The Link Between Soil and Success of Restoration

On June 22, 2016 the soil team went into the field to conduct data collection and sampling of soil for a study created by Flora, our team leader and manager.  The team consisted of Gretchen, David, Flora, Shelan, Rick, Rosli, Ali and myself. We sampled on three sites: a reference site, a successful restored site and an unsuccessful site.  The question posed was: what is causing differing success of tree growth in seasonally flooded swamp forest in Block A of the Pin Supu Forest Reserve? The null hypothesis was: The quality of the soil in the less successful areas of restoration is equally conducive to the growth of tree species chosen for restoration (namely Bangkol, Sapat, and Salung Apid) as the successful areas.  Equipment used: Munsell soil color chart, GPS, weather meter, soil pH meter, 100 mL graduated cylinder, soil moisture meter, DI water, a tape measure and rags/wipes to clean instruments.  It was decided that we look closely at the tree species Sapat, Bongkol and Salung Apid because they are the three dominant species that KOPEL has decided to plant for restoration.  We hiked into the Block A restoration area with Rosli leading us to find the various sites.

Map by Brendan Lum and John Dilger
Map of sampling points by Brendan Lum and John Dilger

We collected data by sampling soil in each area within a 10×10 m square plot.  Each site, except the unsuccessful site, contained at least three of each tree species.  Using the weather meter, we collected weather data (temperature, altitude, humidity). In the center of the plot we dug a hole about 12-18 inches deep to look at soil color/texture and observe the profile.  We found that pretty much all soil was characterized as clay or silty clay.  At the successful and reference sites we sampled soil pH and moisture levels at the north and south ends of three of each of the tree species, approximately .5 m away from the base. We found that average pH was about 4.9 at the reference site, 4.3 at the unsuccessful site and 4.7 at the successful site.  Average moisture was 47% by volume at the reference site, 35% by volume at the unsuccessful site and 30% by volume at the successful site.  We also measured soil temperature which was 27.6 degrees C at the reference site, 30.0 degrees C at the unsuccessful site and 27.5 at the successful site. We also looked at canopy cover with the reference and successful site having about 70-80% cover and the unsuccessful having less than 5%. While the results are inconsistent and more data is needed, this provides a good start and study that can be looked at more in depth by Rosli and the KOPEL team.  Soil is a variable that has not been explored much and it may prove to be critical when it comes to restoration at certain sites and the kind of tree species planted at the site.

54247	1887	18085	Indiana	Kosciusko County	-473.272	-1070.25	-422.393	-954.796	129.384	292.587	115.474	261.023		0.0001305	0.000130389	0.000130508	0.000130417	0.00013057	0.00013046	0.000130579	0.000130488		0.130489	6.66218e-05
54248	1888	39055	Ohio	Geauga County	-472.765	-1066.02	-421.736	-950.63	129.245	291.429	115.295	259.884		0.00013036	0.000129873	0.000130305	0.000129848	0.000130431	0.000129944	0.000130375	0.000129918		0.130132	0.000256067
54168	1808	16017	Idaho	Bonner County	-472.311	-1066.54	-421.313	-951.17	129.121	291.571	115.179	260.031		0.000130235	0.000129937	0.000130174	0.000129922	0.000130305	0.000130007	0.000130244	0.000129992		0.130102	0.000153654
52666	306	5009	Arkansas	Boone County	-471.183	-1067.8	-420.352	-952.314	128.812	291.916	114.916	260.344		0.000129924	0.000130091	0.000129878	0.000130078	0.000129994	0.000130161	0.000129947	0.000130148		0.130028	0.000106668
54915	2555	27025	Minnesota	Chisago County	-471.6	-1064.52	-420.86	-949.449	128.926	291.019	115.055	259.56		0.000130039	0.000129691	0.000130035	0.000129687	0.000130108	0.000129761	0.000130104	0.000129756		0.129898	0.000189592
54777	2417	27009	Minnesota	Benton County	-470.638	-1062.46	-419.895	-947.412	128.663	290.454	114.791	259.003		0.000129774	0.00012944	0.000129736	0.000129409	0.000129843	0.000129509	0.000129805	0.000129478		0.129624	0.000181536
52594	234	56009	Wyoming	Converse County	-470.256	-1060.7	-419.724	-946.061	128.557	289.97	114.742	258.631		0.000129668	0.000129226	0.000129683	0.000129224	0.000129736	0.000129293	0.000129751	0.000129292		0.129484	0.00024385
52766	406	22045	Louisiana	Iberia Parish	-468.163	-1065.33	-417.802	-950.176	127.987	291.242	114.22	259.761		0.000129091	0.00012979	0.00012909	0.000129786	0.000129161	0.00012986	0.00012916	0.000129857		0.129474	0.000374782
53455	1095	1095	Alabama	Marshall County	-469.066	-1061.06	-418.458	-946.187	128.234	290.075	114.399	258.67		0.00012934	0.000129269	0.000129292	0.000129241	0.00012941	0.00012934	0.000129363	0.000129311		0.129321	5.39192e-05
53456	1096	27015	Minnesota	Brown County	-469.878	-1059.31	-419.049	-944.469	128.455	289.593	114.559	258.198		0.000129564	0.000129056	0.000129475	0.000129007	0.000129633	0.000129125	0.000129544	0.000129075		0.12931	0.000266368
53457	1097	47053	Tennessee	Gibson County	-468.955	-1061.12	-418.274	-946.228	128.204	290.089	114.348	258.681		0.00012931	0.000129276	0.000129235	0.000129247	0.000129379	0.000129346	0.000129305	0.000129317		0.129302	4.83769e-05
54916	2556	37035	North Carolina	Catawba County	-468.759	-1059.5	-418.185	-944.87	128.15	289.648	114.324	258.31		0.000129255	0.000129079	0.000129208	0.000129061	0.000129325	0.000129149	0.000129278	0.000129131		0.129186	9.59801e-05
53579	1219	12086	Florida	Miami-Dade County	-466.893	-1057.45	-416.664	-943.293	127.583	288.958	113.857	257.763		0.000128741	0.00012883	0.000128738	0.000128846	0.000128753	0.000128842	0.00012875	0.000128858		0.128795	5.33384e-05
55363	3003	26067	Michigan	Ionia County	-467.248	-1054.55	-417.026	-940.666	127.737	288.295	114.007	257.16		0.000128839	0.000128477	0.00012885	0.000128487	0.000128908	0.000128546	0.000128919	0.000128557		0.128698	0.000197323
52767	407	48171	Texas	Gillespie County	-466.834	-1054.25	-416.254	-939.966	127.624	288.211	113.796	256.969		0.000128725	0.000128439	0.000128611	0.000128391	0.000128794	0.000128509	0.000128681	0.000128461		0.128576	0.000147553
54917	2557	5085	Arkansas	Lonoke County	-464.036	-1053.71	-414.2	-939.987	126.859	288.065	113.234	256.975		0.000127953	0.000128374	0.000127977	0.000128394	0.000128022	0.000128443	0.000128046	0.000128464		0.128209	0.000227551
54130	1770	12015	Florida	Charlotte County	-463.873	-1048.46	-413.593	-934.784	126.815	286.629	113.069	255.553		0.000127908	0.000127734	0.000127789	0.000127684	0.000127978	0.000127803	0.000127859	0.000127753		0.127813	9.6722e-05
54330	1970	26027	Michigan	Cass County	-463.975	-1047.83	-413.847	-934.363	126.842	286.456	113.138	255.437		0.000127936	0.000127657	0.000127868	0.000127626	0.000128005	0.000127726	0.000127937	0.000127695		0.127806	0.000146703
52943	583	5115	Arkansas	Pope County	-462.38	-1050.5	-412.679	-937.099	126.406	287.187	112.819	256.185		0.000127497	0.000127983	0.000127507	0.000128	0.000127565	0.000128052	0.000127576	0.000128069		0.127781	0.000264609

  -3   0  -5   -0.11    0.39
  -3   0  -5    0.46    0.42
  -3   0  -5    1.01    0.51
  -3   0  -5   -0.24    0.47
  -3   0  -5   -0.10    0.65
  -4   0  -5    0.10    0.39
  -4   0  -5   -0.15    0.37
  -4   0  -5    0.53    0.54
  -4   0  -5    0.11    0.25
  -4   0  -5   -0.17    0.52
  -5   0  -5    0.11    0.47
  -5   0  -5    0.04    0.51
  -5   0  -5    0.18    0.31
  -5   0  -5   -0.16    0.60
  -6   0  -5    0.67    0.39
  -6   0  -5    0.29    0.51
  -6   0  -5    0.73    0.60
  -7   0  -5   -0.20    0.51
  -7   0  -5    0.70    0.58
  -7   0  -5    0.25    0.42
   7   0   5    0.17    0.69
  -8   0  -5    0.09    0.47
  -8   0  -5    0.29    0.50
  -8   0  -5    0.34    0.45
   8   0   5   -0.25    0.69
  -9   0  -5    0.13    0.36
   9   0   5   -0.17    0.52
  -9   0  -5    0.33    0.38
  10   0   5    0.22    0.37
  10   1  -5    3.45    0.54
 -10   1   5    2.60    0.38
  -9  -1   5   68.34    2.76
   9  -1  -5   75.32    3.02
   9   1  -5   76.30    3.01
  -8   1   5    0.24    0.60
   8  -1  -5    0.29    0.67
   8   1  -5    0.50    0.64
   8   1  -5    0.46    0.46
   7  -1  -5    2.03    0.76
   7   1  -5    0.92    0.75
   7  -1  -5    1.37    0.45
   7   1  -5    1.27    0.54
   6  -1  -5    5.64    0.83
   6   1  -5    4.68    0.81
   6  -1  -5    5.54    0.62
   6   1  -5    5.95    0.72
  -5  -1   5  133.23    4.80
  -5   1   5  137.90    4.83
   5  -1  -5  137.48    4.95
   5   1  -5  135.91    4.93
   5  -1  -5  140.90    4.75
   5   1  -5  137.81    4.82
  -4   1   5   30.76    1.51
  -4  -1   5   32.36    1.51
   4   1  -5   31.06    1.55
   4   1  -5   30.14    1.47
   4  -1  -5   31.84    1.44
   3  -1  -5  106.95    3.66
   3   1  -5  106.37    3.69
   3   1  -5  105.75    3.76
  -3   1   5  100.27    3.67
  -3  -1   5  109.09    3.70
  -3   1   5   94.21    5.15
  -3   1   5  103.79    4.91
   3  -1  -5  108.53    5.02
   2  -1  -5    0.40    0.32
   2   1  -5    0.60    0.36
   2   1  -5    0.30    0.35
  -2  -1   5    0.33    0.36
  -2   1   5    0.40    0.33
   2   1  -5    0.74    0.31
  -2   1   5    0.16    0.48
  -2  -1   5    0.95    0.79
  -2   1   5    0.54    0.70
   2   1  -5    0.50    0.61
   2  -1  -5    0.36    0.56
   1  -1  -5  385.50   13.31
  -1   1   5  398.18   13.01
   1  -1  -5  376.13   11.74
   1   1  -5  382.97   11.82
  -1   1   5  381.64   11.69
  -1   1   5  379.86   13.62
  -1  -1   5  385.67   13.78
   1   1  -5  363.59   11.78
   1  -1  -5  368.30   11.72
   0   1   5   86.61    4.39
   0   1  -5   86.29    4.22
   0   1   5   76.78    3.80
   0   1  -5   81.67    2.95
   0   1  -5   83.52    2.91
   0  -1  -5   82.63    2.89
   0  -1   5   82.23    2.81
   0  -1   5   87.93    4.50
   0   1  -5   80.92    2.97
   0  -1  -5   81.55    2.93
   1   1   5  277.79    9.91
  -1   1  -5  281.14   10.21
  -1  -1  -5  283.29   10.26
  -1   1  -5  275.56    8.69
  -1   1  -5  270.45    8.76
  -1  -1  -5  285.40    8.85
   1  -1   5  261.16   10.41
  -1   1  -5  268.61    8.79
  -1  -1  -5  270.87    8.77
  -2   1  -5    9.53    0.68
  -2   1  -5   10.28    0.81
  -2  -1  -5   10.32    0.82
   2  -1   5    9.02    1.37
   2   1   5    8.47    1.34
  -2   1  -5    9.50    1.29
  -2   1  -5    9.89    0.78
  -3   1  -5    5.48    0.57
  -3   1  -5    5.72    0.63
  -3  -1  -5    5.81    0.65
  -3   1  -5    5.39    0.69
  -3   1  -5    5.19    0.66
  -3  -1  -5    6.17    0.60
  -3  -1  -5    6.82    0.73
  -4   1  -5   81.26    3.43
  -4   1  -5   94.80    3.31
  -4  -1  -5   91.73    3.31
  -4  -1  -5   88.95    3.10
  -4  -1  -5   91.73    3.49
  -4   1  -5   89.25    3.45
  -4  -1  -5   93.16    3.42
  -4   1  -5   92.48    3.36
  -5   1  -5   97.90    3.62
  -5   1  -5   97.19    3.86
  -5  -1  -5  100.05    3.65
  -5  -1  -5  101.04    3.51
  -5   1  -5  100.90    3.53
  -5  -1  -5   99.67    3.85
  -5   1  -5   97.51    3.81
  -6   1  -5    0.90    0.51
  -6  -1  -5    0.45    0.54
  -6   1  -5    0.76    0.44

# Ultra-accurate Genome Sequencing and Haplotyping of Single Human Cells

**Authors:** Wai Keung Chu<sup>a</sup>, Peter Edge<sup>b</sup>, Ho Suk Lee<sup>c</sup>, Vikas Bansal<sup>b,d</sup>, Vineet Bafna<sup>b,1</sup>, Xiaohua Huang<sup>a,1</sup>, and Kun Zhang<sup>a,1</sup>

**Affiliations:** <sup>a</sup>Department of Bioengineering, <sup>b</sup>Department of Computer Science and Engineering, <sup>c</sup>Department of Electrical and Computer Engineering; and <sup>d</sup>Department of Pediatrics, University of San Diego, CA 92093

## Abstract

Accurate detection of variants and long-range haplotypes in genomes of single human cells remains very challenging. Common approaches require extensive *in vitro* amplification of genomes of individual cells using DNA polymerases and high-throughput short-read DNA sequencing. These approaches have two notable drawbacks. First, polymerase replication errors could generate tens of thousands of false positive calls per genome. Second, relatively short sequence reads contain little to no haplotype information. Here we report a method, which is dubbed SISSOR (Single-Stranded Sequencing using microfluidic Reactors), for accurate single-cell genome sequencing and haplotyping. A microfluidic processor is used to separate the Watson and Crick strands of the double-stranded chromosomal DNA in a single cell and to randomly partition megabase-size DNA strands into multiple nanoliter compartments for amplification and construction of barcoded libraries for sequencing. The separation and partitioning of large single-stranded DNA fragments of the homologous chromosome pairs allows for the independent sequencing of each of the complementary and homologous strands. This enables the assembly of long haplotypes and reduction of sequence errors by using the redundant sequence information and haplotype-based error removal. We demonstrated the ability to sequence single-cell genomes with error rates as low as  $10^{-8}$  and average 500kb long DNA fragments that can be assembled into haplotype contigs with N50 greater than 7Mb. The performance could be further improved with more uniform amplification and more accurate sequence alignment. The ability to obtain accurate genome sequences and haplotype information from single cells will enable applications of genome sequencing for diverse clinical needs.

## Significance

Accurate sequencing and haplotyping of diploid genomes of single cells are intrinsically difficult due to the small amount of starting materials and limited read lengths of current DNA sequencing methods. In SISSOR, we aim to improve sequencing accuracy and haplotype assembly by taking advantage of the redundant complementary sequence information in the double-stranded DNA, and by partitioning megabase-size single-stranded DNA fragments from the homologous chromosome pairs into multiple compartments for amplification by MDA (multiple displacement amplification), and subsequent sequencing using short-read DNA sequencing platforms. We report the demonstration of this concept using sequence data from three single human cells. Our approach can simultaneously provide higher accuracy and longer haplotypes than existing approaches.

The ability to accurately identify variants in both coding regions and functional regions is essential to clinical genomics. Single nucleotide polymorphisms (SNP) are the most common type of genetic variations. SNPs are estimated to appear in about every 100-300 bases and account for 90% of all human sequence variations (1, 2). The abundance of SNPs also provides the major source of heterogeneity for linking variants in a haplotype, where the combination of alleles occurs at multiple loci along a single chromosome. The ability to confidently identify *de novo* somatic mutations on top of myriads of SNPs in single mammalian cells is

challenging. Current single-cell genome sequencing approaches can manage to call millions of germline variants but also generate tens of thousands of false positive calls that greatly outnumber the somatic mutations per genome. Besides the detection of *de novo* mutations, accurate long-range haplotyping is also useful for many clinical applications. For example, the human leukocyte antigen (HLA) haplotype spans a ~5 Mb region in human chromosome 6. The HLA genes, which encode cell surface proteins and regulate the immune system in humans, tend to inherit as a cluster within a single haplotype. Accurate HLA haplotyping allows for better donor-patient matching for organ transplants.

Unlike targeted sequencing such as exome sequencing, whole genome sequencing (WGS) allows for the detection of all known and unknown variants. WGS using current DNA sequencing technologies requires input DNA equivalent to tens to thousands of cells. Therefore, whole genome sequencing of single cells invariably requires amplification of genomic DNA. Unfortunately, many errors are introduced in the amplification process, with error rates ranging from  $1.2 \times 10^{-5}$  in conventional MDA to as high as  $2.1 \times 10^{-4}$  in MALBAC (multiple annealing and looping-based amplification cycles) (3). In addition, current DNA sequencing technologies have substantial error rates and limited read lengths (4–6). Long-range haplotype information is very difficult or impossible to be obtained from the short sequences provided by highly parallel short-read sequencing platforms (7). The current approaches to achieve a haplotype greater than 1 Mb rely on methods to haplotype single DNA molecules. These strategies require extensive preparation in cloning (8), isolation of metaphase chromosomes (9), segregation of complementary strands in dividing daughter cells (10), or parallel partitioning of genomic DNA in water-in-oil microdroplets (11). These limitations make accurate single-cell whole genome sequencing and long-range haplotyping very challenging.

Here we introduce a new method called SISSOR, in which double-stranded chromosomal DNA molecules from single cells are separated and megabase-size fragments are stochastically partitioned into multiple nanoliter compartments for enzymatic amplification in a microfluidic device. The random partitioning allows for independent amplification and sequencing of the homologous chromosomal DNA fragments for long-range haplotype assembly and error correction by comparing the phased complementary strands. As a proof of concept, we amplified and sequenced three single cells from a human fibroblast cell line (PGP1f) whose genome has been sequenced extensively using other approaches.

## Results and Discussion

USF class trains the KOPEL restoration team to sample soil characteristics. Pictured are Dr. Gretchen Coffman, Rosali the restoration manager and Flora Hayes.

The experience of working in the field was very interesting.  It was a long field day of about 8 hours of walking, finding sites and sampling/collecting data.  It was great to work as a team and help Flora with a project that she was very passionate about.  Working in the field does not always go according to plan and can be very difficult.  Working in a tropical environment can be challenging because it is constantly wet and hot.  However, each person in our group worked well together and did their part.  Ali and Rosli got some great experience using the different instruments and learning about how to sample soil.  We learned that with the right team and each member playing a key role, a lot can be accomplished.

Group Photo by David McGuire
Group Photo by David McGuire

-Brendan Lum